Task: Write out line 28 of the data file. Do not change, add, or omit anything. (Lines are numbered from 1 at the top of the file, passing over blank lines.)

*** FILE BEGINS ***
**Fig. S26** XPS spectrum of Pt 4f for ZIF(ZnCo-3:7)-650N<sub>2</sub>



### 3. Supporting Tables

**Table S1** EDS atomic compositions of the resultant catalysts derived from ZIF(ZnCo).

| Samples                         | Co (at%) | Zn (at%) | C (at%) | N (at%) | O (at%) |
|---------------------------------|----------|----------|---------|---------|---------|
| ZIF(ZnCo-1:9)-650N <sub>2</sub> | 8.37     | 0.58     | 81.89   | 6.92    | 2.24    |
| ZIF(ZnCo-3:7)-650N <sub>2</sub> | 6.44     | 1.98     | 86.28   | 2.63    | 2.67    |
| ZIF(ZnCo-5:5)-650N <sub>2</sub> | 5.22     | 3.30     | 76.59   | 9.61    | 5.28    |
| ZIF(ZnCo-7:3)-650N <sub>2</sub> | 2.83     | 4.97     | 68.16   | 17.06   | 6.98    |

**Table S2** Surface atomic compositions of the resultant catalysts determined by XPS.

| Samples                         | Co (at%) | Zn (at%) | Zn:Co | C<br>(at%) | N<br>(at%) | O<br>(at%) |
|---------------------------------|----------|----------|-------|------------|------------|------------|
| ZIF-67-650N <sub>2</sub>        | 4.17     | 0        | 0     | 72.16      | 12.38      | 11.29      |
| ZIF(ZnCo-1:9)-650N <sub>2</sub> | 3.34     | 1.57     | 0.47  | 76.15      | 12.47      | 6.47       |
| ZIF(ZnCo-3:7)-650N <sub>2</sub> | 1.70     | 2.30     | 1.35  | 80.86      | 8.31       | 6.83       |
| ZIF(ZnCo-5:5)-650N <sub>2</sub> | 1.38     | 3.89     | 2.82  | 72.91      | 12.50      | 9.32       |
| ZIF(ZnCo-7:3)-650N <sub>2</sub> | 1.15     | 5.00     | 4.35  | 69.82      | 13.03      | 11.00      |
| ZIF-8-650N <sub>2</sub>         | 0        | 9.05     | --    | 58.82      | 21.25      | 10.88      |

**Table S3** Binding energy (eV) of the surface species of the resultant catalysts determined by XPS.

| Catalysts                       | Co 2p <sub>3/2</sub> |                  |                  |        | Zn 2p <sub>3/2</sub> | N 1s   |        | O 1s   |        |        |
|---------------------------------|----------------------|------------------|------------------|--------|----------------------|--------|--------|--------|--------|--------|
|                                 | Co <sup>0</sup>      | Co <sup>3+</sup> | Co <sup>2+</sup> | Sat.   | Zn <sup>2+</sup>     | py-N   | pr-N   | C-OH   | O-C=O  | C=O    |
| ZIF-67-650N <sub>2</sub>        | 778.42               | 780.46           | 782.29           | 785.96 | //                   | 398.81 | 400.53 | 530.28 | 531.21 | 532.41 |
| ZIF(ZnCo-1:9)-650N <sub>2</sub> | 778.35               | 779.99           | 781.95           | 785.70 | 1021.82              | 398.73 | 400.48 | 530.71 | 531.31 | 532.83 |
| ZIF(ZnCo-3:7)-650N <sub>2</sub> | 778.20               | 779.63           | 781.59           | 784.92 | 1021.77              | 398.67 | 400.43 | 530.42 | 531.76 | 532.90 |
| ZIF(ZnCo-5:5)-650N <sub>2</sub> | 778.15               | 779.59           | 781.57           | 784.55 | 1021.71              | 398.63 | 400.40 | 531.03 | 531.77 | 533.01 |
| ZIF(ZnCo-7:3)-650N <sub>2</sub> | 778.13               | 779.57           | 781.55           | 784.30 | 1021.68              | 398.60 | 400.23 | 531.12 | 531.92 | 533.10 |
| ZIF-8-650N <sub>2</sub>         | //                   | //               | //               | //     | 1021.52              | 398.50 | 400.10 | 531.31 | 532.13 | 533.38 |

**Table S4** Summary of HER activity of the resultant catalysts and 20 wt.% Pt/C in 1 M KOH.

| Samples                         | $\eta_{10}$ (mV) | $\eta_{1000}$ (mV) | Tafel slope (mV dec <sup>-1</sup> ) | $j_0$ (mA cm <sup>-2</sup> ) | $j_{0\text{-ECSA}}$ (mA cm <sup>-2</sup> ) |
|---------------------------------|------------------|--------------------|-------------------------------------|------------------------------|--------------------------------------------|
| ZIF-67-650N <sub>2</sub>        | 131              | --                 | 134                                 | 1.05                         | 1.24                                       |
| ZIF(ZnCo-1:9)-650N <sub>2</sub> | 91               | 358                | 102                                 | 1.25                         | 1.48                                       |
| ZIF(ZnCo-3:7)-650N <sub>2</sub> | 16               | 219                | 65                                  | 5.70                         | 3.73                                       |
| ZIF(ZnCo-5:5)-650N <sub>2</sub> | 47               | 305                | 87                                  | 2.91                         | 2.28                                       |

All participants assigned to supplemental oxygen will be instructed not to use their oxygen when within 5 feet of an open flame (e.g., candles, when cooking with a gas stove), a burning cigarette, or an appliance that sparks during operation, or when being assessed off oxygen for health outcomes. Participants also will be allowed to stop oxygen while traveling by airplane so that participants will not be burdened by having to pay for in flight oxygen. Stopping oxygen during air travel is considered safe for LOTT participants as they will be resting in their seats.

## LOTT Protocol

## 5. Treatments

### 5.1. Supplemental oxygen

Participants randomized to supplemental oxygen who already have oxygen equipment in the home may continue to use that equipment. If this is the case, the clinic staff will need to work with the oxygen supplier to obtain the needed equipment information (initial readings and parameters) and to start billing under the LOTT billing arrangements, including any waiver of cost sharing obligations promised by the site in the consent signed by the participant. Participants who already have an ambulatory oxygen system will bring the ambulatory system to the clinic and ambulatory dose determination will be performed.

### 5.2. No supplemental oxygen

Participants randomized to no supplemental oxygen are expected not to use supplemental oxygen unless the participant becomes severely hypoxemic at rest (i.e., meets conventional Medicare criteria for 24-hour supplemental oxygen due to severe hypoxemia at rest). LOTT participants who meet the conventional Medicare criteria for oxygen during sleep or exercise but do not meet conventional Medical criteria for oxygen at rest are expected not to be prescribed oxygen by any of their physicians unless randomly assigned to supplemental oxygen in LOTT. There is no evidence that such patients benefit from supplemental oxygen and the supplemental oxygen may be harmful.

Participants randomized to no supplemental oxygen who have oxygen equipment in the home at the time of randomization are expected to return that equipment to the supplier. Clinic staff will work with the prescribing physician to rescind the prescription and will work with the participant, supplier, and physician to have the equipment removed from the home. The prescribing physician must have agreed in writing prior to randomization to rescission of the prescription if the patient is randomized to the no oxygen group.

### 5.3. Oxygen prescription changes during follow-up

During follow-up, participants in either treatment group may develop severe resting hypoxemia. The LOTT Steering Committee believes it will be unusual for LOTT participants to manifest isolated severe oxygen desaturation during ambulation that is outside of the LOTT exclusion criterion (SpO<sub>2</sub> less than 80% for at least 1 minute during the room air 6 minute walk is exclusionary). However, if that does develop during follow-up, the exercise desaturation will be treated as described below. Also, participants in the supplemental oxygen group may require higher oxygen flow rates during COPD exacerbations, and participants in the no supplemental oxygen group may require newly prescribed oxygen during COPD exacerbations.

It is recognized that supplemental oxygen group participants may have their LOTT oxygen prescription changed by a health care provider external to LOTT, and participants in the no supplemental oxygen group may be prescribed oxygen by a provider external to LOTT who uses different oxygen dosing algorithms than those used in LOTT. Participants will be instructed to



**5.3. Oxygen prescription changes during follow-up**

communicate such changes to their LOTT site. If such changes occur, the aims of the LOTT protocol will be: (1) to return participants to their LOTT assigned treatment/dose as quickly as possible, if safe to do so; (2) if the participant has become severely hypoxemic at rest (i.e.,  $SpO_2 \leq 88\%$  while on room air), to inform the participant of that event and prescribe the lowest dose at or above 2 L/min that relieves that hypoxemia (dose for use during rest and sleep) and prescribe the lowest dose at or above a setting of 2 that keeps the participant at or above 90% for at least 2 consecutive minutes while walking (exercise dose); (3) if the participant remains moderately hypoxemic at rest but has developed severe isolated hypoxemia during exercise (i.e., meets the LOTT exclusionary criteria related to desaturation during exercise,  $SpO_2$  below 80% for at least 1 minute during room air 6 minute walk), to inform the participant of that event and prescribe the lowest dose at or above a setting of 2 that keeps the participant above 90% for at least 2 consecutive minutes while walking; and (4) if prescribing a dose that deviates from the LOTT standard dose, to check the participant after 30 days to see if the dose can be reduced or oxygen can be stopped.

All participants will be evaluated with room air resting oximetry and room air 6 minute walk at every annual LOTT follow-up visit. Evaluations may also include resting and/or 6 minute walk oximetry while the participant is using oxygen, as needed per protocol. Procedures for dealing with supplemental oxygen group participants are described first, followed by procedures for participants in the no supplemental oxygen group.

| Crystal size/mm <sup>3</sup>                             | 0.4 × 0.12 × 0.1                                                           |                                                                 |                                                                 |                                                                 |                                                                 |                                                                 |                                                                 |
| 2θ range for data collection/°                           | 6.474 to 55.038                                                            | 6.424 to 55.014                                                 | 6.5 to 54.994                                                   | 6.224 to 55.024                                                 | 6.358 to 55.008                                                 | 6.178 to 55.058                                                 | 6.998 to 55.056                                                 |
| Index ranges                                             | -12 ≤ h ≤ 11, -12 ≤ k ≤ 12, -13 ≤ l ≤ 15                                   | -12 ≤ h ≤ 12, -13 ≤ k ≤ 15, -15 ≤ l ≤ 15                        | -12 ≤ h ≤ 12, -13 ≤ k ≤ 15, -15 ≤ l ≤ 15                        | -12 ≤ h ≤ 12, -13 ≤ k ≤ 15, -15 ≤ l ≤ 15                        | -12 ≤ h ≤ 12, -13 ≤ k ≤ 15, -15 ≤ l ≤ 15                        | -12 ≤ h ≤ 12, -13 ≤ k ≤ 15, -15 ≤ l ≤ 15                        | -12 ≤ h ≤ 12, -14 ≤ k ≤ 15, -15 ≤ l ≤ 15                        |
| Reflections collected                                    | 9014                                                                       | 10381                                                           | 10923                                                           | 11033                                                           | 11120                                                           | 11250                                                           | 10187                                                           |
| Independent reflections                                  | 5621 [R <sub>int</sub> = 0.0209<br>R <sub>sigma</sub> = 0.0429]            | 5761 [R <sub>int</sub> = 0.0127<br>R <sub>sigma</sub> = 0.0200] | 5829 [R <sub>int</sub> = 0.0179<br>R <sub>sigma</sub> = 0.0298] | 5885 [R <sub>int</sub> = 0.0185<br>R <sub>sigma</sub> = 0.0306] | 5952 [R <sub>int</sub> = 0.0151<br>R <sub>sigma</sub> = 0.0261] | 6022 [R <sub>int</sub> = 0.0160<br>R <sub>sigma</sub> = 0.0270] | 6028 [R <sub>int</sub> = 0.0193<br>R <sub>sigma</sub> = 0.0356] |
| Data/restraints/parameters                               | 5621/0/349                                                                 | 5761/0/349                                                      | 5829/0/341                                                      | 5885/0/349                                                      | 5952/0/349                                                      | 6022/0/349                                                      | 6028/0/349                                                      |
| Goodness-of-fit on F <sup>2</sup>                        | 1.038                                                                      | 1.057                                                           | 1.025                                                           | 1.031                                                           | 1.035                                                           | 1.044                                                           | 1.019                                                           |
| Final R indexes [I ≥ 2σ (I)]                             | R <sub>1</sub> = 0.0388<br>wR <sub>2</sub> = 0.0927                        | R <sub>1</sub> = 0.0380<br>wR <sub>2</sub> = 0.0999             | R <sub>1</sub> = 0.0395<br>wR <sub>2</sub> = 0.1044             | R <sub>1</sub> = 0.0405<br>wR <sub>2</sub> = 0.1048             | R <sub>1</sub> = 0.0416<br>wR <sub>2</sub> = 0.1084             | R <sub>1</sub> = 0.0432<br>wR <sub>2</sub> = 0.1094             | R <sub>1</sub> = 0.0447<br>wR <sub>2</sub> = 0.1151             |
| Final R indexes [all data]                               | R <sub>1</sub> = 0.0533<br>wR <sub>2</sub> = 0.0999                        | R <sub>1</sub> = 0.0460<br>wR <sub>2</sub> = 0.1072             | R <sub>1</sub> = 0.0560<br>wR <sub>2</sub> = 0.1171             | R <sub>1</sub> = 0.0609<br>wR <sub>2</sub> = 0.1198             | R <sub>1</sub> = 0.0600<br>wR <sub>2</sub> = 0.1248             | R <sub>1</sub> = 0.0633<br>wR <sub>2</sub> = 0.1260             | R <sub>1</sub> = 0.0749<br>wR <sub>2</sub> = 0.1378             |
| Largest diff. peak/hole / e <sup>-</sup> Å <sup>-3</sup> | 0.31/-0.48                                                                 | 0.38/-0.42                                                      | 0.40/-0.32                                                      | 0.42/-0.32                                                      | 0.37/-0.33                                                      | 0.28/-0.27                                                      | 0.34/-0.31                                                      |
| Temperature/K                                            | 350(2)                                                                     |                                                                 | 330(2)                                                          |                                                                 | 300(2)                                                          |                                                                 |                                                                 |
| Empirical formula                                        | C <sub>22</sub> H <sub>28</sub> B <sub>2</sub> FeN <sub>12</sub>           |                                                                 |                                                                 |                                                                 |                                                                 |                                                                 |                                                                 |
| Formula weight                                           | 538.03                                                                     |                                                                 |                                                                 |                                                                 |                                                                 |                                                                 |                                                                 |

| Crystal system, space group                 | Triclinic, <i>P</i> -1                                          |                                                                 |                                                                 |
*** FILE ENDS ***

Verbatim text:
| ZIF-8-650N <sub>2</sub>         | //                   | //               | //               | //     | 1021.52              | 398.50 | 400.10 | 531.31 | 532.13 | 533.38 |